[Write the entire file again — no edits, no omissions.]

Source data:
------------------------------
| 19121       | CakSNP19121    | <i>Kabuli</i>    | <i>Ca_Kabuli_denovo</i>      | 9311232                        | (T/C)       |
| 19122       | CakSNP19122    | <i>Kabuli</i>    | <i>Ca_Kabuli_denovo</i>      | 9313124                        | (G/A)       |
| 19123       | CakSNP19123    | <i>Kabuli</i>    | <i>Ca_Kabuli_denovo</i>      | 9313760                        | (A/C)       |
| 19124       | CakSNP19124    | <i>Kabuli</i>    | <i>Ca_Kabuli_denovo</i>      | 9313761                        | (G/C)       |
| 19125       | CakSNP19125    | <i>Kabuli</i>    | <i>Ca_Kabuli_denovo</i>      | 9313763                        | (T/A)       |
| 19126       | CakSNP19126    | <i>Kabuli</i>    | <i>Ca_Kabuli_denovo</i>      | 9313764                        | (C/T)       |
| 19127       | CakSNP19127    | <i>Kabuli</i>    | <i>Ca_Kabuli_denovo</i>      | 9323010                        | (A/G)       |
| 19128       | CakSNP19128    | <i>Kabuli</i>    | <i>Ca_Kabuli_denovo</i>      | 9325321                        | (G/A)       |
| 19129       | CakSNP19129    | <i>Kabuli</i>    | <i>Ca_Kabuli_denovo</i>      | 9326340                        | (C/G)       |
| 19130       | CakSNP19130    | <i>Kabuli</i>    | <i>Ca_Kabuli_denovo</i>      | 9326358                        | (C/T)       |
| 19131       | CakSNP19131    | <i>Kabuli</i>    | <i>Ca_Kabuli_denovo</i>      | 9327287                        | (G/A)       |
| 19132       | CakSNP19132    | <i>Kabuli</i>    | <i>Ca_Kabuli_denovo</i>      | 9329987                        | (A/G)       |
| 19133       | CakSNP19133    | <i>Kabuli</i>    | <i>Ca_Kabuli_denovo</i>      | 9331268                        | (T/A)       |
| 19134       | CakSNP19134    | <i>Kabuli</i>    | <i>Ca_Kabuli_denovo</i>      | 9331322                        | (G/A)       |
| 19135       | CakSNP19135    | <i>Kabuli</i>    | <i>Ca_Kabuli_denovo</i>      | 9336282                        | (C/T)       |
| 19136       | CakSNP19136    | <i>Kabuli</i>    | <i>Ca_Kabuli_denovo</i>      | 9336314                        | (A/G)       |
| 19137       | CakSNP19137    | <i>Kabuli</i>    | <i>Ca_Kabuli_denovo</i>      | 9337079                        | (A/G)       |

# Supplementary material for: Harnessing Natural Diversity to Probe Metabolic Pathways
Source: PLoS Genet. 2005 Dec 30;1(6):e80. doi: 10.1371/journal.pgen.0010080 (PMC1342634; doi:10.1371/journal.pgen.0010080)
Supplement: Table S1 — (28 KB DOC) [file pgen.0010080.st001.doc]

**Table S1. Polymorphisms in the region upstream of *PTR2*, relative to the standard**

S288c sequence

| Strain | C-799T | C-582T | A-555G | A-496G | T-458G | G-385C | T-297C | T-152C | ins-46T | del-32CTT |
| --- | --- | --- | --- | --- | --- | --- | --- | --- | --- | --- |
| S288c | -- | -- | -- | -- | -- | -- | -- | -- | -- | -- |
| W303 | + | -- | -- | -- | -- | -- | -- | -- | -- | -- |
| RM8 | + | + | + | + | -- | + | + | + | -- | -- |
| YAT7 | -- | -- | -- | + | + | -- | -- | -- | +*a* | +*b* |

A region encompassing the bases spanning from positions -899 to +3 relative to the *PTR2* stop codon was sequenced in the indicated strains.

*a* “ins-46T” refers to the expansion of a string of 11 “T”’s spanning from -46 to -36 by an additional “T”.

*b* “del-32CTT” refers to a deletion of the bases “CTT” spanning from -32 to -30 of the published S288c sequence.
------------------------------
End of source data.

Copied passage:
| 19121       | CakSNP19121    | <i>Kabuli</i>    | <i>Ca_Kabuli_denovo</i>      | 9311232                        | (T/C)       |
| 19122       | CakSNP19122    | <i>Kabuli</i>    | <i>Ca_Kabuli_denovo</i>      | 9313124                        | (G/A)       |
| 19123       | CakSNP19123    | <i>Kabuli</i>    | <i>Ca_Kabuli_denovo</i>      | 9313760                        | (A/C)       |
| 19124       | CakSNP19124    | <i>Kabuli</i>    | <i>Ca_Kabuli_denovo</i>      | 9313761                        | (G/C)       |
| 19125       | CakSNP19125    | <i>Kabuli</i>    | <i>Ca_Kabuli_denovo</i>      | 9313763                        | (T/A)       |
| 19126       | CakSNP19126    | <i>Kabuli</i>    | <i>Ca_Kabuli_denovo</i>      | 9313764                        | (C/T)       |
| 19127       | CakSNP19127    | <i>Kabuli</i>    | <i>Ca_Kabuli_denovo</i>      | 9323010                        | (A/G)       |
| 19128       | CakSNP19128    | <i>Kabuli</i>    | <i>Ca_Kabuli_denovo</i>      | 9325321                        | (G/A)       |
| 19129       | CakSNP19129    | <i>Kabuli</i>    | <i>Ca_Kabuli_denovo</i>      | 9326340                        | (C/G)       |
| 19130       | CakSNP19130    | <i>Kabuli</i>    | <i>Ca_Kabuli_denovo</i>      | 9326358                        | (C/T)       |
| 19131       | CakSNP19131    | <i>Kabuli</i>    | <i>Ca_Kabuli_denovo</i>      | 9327287                        | (G/A)       |
| 19132       | CakSNP19132    | <i>Kabuli</i>    | <i>Ca_Kabuli_denovo</i>      | 9329987                        | (A/G)       |
| 19133       | CakSNP19133    | <i>Kabuli</i>    | <i>Ca_Kabuli_denovo</i>      | 9331268                        | (T/A)       |
| 19134       | CakSNP19134    | <i>Kabuli</i>    | <i>Ca_Kabuli_denovo</i>      | 9331322                        | (G/A)       |
| 19135       | CakSNP19135    | <i>Kabuli</i>    | <i>Ca_Kabuli_denovo</i>      | 9336282                        | (C/T)       |
| 19136       | CakSNP19136    | <i>Kabuli</i>    | <i>Ca_Kabuli_denovo</i>      | 9336314                        | (A/G)       |
| 19137       | CakSNP19137    | <i>Kabuli</i>    | <i>Ca_Kabuli_denovo</i>      | 9337079                        | (A/G)       |

# Supplementary material for: Harnessing Natural Diversity to Probe Metabolic Pathways
Source: PLoS Genet. 2005 Dec 30;1(6):e80. doi: 10.1371/journal.pgen.0010080 (PMC1342634; doi:10.1371/journal.pgen.0010080)
Supplement: Table S1 — (28 KB DOC) [file pgen.0010080.st001.doc]

**Table S1. Polymorphisms in the region upstream of *PTR2*, relative to the standard**

S288c sequence

| Strain | C-799T | C-582T | A-555G | A-496G | T-458G | G-385C | T-297C | T-152C | ins-46T | del-32CTT |
| --- | --- | --- | --- | --- | --- | --- | --- | --- | --- | --- |
| S288c | -- | -- | -- | -- | -- | -- | -- | -- | -- | -- |
| W303 | + | -- | -- | -- | -- | -- | -- | -- | -- | -- |
| RM8 | + | + | + | + | -- | + | + | + | -- | -- |
| YAT7 | -- | -- | -- | + | + | -- | -- | -- | +*a* | +*b* |

A region encompassing the bases spanning from positions -899 to +3 relative to the *PTR2* stop codon was sequenced in the indicated strains.

*a* “ins-46T” refers to the expansion of a string of 11 “T”’s spanning from -46 to -36 by an additional “T”.

*b* “del-32CTT” refers to a deletion of the bases “CTT” spanning from -32 to -30 of the published S288c sequence.